Tuesday, February 13, 2007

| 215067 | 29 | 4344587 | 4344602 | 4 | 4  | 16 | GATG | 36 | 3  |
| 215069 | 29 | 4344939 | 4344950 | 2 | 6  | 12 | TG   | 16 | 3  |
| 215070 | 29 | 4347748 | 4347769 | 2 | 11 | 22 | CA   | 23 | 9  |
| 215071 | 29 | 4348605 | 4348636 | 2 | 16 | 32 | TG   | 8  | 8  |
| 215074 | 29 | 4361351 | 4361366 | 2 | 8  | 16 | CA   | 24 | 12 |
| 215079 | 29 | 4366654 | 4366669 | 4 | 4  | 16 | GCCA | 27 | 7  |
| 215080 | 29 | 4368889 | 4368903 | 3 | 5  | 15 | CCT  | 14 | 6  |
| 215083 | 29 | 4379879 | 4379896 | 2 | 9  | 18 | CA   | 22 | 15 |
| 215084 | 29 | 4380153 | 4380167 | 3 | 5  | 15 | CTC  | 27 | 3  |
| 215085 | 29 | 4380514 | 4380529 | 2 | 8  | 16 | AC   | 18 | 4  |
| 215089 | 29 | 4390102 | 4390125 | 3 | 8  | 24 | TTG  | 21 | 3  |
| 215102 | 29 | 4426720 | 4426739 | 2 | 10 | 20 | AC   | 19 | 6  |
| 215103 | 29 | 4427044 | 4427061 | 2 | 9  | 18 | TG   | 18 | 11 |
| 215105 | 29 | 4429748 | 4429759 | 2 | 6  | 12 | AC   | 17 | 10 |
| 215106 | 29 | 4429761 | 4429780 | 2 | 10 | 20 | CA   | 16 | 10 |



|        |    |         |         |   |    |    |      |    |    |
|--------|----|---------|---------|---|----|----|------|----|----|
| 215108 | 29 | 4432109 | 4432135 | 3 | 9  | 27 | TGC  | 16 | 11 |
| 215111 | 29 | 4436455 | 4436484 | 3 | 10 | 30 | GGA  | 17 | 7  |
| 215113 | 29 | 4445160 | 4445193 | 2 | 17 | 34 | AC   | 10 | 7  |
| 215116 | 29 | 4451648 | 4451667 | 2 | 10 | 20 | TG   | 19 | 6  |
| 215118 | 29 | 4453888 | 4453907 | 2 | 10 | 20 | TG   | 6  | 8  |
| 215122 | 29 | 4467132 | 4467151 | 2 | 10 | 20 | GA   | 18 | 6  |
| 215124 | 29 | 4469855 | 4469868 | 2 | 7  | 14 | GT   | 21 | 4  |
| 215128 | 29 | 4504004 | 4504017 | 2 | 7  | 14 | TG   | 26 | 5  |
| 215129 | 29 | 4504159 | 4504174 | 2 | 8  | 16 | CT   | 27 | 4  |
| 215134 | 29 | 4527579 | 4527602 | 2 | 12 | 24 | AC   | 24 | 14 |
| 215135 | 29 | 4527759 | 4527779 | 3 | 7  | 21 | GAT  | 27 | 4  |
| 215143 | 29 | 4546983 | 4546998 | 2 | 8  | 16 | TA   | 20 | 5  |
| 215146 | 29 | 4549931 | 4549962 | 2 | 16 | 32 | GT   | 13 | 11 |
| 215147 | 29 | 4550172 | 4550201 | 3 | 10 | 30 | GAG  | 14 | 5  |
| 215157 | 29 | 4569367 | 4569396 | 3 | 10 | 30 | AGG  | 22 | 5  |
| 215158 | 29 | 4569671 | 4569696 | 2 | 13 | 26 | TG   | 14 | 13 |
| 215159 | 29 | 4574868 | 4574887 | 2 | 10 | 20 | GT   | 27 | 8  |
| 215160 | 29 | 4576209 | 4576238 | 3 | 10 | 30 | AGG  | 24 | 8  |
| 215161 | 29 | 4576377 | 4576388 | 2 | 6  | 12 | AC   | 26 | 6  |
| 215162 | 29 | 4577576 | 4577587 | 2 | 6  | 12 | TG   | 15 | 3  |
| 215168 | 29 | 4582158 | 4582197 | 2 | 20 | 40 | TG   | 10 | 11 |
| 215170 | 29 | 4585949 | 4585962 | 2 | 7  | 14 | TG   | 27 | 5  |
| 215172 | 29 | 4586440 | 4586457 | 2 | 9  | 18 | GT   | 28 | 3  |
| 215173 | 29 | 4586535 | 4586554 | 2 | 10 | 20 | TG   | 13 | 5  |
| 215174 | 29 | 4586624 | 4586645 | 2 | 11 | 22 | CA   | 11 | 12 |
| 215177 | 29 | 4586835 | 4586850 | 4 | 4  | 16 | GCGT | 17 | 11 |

Often called "Vitamin C" by laymen, for a short time ascorbic acid was thought to be a viable substitute for sulfur dioxide (SO2) in wine; i.e. it was thought that ascorbic acid would protect wine against oxidation as well as SO2 does. Research has demonstrated this belief to be false. In an oxidative environment, ascorbic acid leads to rapid browning of catechin, a component of wine. The co-presence of SO2 delays the browning, but the delay is prolonged without ascorbic acid present. In other words, the wine ages better with sufficient SO2 present and without any ascorbic acid.